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Kurdish fighters obtain military achievements in Kobani with collaboration of US airstrikes, ISIS threatens to reset strongholds

By Tajuddin
In SPOTLIGHT
Jan 31st, 2015
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A Syrian Kurdish sniper looks at the rubble in Kobani on Friday. The Islamic State group has acknowledged for the first time that its fighters have been defeated in Kobani and vowed to attack the town again

A Syrian Kurdish sniper looks at the rubble in Kobani on Friday. The Islamic State group has acknowledged for the first time that its fighters have been defeated in Kobani and vowed to attack the town again

Beirut , Lebanon ( Agencies + DIPLOMAT.SO) — The Islamic State group has acknowledged for the first time that its fighters have been defeated in the Syrian town of Kobani and vowed to attack the town again.

In a video released by the pro-IS Aamaq News Agency late Friday, two fighters said the airstrikes by the U.S.-led coalition were the main reason why ISIS fighters were forced to withdraw from Kobani. One fighter vowed to defeat the main Kurdish militia in Syria, the People’s Protection Units known as the YPG.

On Monday, activists and Kurdish officials said the town was almost cleared of IS fighters, who once held nearly half of Kobani.

An Associated Press video from inside the town showed widespread destruction, streets littered with debris and abandoned neighbourhoods. The video also showed a new cemetery with fresh graves.

The town’s famous Freedom Square, with a statue of an eagle spreading its wings, stood intact in the middle of the destruction. The square is near the so-called Kurdish security quarter — an eastern district where Kurdish militiamen maintained security buildings and offices, and which was occupied by IS fighters for about two months until they were forced out earlier in January.

In the newly released ISIS video, the militant fighters acknowledged that they have been driven from the town.

“A while ago we retreated a bit from Ayn al-Islam because of the bombardment and the killing of some brothers,” said one masked fighter, using the group’s preferred name for Kobani. He spoke Arabic with a north African accent.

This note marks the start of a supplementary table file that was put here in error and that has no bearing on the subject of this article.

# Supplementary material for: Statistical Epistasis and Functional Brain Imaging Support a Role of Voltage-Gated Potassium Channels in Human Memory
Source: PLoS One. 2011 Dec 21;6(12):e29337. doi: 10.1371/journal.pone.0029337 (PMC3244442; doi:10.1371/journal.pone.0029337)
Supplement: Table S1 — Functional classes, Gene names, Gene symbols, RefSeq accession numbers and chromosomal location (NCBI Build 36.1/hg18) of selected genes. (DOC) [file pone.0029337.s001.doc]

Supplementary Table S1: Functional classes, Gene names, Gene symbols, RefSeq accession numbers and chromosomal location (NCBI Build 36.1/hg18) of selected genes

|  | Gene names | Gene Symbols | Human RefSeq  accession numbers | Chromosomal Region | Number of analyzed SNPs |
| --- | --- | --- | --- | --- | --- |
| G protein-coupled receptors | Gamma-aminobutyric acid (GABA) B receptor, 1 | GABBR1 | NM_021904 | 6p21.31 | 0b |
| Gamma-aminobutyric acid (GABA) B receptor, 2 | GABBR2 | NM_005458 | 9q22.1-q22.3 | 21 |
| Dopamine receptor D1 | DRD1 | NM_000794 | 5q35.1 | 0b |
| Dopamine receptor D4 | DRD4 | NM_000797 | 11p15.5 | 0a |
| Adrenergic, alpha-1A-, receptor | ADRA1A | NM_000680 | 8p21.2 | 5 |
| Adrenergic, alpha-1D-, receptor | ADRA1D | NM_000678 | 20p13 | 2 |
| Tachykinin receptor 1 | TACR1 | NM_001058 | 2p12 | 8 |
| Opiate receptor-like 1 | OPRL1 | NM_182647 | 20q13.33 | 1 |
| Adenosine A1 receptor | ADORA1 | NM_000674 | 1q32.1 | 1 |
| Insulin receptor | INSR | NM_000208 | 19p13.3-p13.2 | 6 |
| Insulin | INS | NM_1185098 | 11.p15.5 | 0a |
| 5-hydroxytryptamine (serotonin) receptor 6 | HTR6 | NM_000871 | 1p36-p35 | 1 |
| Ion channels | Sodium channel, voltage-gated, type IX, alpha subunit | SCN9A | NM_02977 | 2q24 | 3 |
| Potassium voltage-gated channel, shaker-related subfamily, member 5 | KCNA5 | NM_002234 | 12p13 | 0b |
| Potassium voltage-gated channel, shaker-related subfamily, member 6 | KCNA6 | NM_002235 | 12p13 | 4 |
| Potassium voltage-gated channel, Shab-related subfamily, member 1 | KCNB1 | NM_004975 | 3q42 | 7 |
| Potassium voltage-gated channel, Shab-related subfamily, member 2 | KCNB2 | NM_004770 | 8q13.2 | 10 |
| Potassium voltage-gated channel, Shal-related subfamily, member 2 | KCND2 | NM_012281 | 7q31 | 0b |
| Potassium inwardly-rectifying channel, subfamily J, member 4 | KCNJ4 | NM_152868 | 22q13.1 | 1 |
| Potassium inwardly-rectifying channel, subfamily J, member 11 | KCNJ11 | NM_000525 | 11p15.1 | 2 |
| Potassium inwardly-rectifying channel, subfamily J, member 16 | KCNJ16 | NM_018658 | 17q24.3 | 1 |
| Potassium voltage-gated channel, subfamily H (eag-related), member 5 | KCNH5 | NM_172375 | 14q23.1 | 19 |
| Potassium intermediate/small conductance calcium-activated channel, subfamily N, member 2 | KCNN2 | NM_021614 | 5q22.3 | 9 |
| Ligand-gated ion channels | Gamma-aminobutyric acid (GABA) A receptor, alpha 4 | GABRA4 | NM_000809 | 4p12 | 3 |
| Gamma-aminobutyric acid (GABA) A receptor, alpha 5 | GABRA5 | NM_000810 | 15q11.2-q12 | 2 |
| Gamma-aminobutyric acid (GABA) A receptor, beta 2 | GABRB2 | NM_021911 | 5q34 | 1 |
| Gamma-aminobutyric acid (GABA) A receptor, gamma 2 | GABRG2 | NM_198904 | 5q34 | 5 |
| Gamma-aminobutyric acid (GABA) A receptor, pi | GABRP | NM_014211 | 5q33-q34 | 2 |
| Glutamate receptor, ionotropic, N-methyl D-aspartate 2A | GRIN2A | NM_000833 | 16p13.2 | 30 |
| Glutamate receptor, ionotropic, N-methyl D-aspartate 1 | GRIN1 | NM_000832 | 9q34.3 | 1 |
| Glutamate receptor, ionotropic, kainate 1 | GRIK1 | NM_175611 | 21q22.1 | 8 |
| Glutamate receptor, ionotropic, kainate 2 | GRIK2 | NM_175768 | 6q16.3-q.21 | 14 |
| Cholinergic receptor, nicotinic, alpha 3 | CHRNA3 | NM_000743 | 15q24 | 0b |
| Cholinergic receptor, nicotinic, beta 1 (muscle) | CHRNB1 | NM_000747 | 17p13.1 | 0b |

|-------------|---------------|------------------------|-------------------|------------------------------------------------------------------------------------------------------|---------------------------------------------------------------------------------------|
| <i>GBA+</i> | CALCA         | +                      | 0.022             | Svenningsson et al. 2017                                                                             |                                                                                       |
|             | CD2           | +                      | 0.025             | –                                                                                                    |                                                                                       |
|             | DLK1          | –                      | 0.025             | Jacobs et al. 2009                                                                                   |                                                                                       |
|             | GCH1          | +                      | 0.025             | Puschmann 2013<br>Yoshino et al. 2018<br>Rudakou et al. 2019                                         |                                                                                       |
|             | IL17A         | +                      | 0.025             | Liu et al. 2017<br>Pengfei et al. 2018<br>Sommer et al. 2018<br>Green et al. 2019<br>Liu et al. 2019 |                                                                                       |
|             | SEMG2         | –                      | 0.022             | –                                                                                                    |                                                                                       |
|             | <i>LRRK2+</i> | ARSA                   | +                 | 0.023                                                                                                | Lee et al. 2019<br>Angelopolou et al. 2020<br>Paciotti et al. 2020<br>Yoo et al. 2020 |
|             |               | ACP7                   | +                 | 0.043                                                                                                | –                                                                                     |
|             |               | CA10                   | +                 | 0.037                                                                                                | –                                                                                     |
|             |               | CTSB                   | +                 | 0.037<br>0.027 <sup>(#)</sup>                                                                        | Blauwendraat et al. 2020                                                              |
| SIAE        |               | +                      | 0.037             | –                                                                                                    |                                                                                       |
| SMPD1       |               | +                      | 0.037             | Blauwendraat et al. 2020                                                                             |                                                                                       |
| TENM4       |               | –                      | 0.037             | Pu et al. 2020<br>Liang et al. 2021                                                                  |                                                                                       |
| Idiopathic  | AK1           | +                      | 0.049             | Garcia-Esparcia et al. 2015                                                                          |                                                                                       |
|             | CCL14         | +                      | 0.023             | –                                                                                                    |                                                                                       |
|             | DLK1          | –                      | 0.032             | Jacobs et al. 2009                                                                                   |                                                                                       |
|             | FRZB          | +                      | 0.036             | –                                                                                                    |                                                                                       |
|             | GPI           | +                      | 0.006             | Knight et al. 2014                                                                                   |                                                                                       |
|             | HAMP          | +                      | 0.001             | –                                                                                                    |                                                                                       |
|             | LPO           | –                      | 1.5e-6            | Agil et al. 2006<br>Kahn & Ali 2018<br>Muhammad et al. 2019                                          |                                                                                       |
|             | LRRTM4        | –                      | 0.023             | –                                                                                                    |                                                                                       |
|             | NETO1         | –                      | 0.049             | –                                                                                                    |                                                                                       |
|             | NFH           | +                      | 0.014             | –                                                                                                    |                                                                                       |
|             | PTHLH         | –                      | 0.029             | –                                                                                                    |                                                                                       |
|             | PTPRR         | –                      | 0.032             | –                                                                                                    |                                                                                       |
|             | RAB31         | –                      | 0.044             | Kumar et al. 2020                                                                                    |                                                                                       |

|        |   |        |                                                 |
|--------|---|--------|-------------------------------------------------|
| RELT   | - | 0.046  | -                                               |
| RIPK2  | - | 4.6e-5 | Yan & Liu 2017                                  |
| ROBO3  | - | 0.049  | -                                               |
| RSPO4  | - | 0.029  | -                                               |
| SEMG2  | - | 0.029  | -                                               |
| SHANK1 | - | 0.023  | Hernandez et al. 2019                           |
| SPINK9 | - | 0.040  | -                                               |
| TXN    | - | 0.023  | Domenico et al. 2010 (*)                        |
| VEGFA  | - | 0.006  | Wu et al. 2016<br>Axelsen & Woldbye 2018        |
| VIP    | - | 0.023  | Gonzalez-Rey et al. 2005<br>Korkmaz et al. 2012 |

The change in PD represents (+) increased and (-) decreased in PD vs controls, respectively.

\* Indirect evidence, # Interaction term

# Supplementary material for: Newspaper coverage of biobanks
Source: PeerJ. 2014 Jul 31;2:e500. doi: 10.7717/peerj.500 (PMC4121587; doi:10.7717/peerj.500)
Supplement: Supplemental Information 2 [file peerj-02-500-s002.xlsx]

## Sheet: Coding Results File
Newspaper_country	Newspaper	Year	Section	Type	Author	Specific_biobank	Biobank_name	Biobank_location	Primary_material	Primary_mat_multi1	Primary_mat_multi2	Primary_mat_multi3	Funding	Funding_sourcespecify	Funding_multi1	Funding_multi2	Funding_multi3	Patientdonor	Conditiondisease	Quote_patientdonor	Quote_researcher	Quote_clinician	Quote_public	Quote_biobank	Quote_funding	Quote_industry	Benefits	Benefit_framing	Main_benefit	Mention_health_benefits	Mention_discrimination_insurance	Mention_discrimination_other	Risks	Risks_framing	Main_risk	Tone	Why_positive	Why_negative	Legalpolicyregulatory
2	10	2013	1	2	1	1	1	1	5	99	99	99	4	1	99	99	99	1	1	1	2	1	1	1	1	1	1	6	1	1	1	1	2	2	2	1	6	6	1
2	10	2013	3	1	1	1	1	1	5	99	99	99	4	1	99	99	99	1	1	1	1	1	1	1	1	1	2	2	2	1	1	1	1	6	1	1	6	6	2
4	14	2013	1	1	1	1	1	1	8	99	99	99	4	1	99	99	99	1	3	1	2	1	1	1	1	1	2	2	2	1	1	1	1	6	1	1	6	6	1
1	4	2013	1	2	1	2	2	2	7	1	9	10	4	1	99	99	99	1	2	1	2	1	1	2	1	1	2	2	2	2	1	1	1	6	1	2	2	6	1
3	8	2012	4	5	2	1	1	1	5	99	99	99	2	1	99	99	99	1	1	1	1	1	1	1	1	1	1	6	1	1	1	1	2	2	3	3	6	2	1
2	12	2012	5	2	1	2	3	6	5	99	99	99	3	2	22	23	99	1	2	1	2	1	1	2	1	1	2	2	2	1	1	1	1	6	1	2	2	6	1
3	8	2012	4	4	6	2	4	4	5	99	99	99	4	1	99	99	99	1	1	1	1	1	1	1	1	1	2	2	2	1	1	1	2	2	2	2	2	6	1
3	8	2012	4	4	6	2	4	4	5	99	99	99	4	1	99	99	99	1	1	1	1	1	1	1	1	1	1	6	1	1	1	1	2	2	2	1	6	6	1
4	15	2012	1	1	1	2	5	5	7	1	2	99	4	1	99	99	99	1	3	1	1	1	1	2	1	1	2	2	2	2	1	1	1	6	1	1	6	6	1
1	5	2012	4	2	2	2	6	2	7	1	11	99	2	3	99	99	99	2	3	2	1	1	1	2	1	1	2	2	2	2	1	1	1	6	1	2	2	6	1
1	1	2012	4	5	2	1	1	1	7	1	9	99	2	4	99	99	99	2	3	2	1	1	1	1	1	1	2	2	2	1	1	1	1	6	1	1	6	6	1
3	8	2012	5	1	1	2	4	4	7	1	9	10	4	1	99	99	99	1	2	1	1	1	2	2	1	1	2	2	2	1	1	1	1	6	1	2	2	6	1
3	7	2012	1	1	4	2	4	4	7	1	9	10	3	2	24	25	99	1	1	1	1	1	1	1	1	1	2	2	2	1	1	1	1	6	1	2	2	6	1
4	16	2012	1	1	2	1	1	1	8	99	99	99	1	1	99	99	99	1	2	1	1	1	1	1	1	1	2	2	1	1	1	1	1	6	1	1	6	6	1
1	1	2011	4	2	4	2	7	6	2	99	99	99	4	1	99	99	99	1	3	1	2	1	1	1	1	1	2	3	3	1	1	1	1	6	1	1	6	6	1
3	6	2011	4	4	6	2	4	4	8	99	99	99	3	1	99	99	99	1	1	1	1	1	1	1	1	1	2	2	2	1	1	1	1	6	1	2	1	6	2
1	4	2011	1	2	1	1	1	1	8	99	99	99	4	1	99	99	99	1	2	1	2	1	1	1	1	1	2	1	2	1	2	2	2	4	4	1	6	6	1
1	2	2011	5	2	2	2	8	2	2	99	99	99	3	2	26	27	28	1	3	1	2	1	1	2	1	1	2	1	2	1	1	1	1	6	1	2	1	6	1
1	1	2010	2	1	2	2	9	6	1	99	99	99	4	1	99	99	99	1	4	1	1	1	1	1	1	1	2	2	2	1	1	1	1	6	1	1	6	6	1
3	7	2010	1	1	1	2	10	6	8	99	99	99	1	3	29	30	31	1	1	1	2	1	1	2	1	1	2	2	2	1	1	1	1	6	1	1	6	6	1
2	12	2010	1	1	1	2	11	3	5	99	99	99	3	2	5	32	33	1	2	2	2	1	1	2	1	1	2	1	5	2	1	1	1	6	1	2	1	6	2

The failure to capture and hold Kobani was a major blow to the extremists. Their hopes for an easy victory dissolved into a costly siege under withering airstrikes by coalition forces and an assault by Kurdish militiamen.

The United States and several Arab allies have been striking IS positions in Syria since Sept. 23. The campaign aims to push back the jihadi organization after it took over about a third of Iraq and Syria and declared the captured territory a new caliphate.

Now Kurdish officials are hailing the retaking of Kobani as an important step toward rolling back the Islamic State group’s territorial gains.

“Kobani Canton is a representative of the resistance against terrorism in the world,” said senior Syrian Kurdish official in Kobani, Anwar Muslim. “We hope that the world will support us to come through our struggle against IS.”

Meanwhile the ISIS fighters vowed that their defeat in Kobani will not weaken them.

“The Islamic State will stay. Say that to (U.S. President Barack) Obama,” said the fighter, pointing his finger toward destruction on the edge of Kobani.

The fighters both laid blame for their defeat on the coalition air campaign, seemingly downplaying the role played by Kurdish militiamen — whom they refer to as “rats.”

Another ISIS fighter, also speaking in Arabic, said while standing on a road with a green sign with “Ayn al-Islam” sprayed on it: “The warplanes did not leave any construction. They destroyed everything, so we had to withdraw and the rats advanced.”

“The warplanes were bombarding us night and day. They bombarded everything, even motorcycles,” the fighter said.

ISIS launched an offensive on the Kobani region in mid-September capturing more than 300 Kurdish villages and parts of the town. As a result of the airstrikes and stiff Kurdish resistance, IS began retreating a few weeks ago, losing more than 1,000 fighters, according to activists.

Earlier this week, Kurdish officials said YPG fighters have launched a counterattack to retake some of the surrounding villages around Kobani, many of which remain in IS hands.

A kurdish fighter points to the bodies of ISIS militants in the fight for Kobani , a Syrian border town

A kurdish fighter points to the bodies of ISIS militants in the fight for Kobani , a Syrian border town

The bodies of ISIS fighters lined the streets of Kobani, a Syrian border town, days after Kurdish fighters claimed to regain control of the destroyed city, according to reports.

Kurdish fighters from the People’s Protection Units (YPG) rounded up the bodies of around 20 Islamic extremists Friday after a four-month intensive battle, the AFP reported.

Kurdish forces pushed ISIS militants out of the mainly Kurdish town outside Turkey on Monday, Syrian state media reported. They managed to take back 17 out of the hundreds of villages and “liberated several regions” to its west, YPG told AFP.

ISIS supporters said in an online video they withdrew because of airstrikes but vowed to return, AFP reported.

Militants fired a mortar shell inside the city Thursday, wounding four civilians, Turkey’s Radikal newspaper reported. In recent weeks, they carried out more than 35 suicide attacks in Kobani.